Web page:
Water quality samples are collected by boat monthly or semi-monthly at 26 sites in San Pablo, Suisun Bay and the Delta for determining impacts of the State and Federal Water Projects on the environment and to determine compliance with water quality standards established by State Water Resources Control Board (as prescribed in Table III of D-1485). Monitoring also includes a phytoplankton element, which measures species composition and abundance at 18 sites, and a benthos sampling element, which measures composition and abundance at 5 locations. Sampling for all elements, except benthos, has been conducted since 1971. Benthos monitoring was initiated in 1975 and sampling is currently monthly with occasional extended sampling of the entire estuary to measure the distributional changes of exotic species such as the Asian clam, Potamocorbula amurensis, to evaluate their possible effects on the estuarine food web.

Continuous Water Quality Monitoring:

Contact Person: Leo Winternitz, DWR (916) 227-7548

The research vessel San Carlos is equipped with sensors that permit continuous display and recording of water quality parameters. These can detect water quality anomalies needing further investigation. Additionally, 6 stationary, on shore, recorders and sensors measure and record dissolved oxygen, pH, specific conductance, air and water temperature, wind velocity and direction, solar radiation, tide stage and in-vivo chlorophyll. These data can be accessed by telemetry from Sacramento. This system will be further improved and upgraded so that new SWRCB Water Quality Control Plan compliance can be accomplished by real time monitoring.

San Joaquin River Dissolved Oxygen Monitoring: Contact Person: Leo Winternitz, DWR (916) 227-7548

Dissolved oxygen is monitored at sites in the Stockton Ship Channel near Stockton during the late summer and early fall of each year because levels can drop below 5.0 mg/L due to low flow, high water temperatures and high biochemical oxygen demand (BOD). Low dissolved oxygen levels are deleterious to migrating adult salmon and other aquatic life. Monitoring is usually done in conjunction with the placement of a rock barrier at the head of Old River to improve net downstream flows for migrating chinook salmon. This program was initiated in 1969.

E. FISH FACILITIES DEVELOPMENT

Contact Person: Mr. Darryl Hayes, DWR (916) 227-7546

The term fish facilities is used here to describe fish screens and guidance structures, and other protective facilities designed to reduce impacts on fishes. Fish facilities development has always been a major component of the IEP and has generally been closely tied to Delta water project planning. For example, in the late 1970's and early 1980's there was a major IEP effort to develop fish screening and return facilities for the Peripheral Canal intake. The following are the present fish facility activities of the program.

Delta Smelt Screen Criteria Development

Historically, fish screen criteria research in the Delta has focused on recreationally and commercially important species such as chinook salmon and striped bass. At the time of the ESA listing of delta smelt, essentially no screen criteria information was available for this species. Recent USFWS biological opinion established conservative screen criteria for delta in lieu of firm information. The IEP, through support of U.C. Davis researchers, is evaluating swimming abilities of delta smelt relevant to current screen criteria of 0.33 fps and 0.20 fps. Research includes developing information on environmental tolerance limits of salinity and temperature for all life stages of delta smelt, evaluations of critical and endurance swimming performance, and morphological measurements for different life stages. Proposed research will also study behavioral aspects of swimming abilities at screened diversions. The goal is to develop relevant screen criteria for delta smelt protection.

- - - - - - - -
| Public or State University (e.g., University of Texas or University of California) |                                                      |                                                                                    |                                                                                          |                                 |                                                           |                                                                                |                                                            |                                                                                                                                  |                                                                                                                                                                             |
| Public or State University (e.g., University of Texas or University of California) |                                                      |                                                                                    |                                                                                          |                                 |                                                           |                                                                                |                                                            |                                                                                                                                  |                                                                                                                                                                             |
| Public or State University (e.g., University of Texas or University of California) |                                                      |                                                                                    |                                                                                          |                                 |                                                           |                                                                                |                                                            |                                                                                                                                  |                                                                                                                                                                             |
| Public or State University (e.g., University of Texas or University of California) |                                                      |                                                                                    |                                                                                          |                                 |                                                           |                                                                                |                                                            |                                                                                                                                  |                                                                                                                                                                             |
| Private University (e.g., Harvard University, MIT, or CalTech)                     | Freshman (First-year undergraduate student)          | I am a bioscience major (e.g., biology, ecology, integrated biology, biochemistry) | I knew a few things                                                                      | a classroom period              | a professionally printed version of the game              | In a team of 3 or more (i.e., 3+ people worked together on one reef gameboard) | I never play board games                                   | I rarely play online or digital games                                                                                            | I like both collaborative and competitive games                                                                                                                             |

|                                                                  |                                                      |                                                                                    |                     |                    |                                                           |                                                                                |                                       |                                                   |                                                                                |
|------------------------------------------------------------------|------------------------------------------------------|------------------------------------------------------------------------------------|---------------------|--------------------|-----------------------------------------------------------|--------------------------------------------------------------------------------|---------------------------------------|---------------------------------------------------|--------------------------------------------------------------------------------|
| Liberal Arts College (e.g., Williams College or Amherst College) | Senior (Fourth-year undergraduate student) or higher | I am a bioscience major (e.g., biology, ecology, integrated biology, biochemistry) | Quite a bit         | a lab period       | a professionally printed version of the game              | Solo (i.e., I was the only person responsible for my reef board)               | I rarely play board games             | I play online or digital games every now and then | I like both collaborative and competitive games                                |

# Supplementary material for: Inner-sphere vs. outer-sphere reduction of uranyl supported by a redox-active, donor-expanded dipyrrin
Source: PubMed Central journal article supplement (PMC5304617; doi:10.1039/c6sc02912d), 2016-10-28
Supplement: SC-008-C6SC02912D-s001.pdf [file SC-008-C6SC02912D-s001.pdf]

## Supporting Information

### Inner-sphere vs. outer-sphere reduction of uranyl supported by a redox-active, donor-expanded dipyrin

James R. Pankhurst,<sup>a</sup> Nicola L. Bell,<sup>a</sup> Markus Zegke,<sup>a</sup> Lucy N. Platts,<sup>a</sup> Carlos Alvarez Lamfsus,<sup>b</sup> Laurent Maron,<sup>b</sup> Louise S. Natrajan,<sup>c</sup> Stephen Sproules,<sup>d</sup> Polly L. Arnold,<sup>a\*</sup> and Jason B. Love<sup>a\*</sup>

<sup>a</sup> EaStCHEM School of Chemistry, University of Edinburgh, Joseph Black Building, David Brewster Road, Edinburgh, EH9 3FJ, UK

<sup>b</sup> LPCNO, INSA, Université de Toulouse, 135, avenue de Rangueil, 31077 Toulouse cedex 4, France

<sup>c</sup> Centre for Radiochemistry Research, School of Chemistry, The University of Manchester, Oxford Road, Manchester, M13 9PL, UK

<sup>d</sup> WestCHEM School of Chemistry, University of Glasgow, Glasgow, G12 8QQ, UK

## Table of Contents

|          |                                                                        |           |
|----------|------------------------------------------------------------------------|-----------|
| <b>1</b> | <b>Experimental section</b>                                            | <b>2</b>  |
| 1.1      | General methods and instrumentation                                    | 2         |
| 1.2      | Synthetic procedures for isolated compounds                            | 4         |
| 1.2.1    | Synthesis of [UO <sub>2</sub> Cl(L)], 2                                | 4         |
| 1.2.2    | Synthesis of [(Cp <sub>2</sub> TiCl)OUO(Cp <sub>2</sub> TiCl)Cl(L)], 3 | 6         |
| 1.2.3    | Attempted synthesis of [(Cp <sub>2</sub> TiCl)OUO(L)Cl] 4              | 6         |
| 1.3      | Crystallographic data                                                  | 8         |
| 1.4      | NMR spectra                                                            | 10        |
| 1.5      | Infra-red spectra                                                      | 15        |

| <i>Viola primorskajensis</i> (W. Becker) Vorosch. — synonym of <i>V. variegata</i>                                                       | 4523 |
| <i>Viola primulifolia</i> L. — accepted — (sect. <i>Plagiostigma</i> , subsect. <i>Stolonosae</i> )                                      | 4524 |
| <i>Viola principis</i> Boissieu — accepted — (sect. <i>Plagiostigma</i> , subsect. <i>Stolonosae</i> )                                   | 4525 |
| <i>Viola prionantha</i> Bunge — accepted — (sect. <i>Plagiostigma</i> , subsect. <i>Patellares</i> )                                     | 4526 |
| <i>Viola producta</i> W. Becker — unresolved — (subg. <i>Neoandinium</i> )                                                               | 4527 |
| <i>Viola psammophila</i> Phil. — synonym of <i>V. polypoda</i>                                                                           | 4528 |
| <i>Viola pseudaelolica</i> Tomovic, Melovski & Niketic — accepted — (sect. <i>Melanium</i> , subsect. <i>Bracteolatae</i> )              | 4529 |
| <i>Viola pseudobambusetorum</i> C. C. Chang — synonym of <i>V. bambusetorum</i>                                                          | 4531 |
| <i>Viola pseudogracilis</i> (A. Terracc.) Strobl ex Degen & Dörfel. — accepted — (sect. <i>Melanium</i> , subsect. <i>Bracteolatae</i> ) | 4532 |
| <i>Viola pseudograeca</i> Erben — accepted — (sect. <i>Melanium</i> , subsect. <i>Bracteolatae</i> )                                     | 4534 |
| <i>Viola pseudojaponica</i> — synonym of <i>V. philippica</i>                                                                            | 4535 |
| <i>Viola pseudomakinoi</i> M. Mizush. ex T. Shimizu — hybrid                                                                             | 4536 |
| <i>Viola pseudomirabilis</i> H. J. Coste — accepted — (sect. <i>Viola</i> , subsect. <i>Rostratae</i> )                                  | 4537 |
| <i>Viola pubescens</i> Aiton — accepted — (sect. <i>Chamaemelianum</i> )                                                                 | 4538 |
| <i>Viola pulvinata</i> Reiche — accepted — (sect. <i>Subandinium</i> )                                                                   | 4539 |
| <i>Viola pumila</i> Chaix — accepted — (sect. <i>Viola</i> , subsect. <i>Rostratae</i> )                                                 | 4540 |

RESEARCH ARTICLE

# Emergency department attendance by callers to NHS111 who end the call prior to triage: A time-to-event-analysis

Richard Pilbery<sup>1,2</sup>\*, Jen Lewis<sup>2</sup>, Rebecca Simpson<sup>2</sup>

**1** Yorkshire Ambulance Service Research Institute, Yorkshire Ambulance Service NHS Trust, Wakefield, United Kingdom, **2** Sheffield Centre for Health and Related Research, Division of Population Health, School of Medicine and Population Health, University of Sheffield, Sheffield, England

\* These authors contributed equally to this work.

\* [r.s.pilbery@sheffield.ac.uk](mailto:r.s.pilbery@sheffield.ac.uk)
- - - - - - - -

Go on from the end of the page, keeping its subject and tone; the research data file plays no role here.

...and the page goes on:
Georgiana Slough Acoustic Fish Barrier

Contact Person: Darryl Hayes, DWR (916) 227-7546

Past IEP research on the juvenile salmon survival in the Delta indicates that emigrating smolts entering the central delta through the Delta Cross Channel and Georgiana Slough survive at lower rates than those remaining in the Sacramento River. Since 1993, the IEP has been working in cooperation with the San Luis & Delta-Mendota Water Authority to test the efficacy of using an acoustic barrier at the head of Georgiana Slough (on the Sacramento River, near Walnut Grove) to guide emigrating smolts away from entrance to the Slough. In 1995 the IEP is continuing to evaluate the effectiveness of the barrier and assess the potential for any unintended negative impacts of barrier operations. Major elements of the 1995 evaluation include:

Continuation of the guidance studies using hydroacoustics and trawl sampling for emigrating and experimentally released smolts under the high flow conditions anticipated for the spring of 1995. Note: Extremely high flows in the spring of 1995 prevented placement of the barrier.

Continuation of acoustic signal exposure testing on delta smelt and splittail.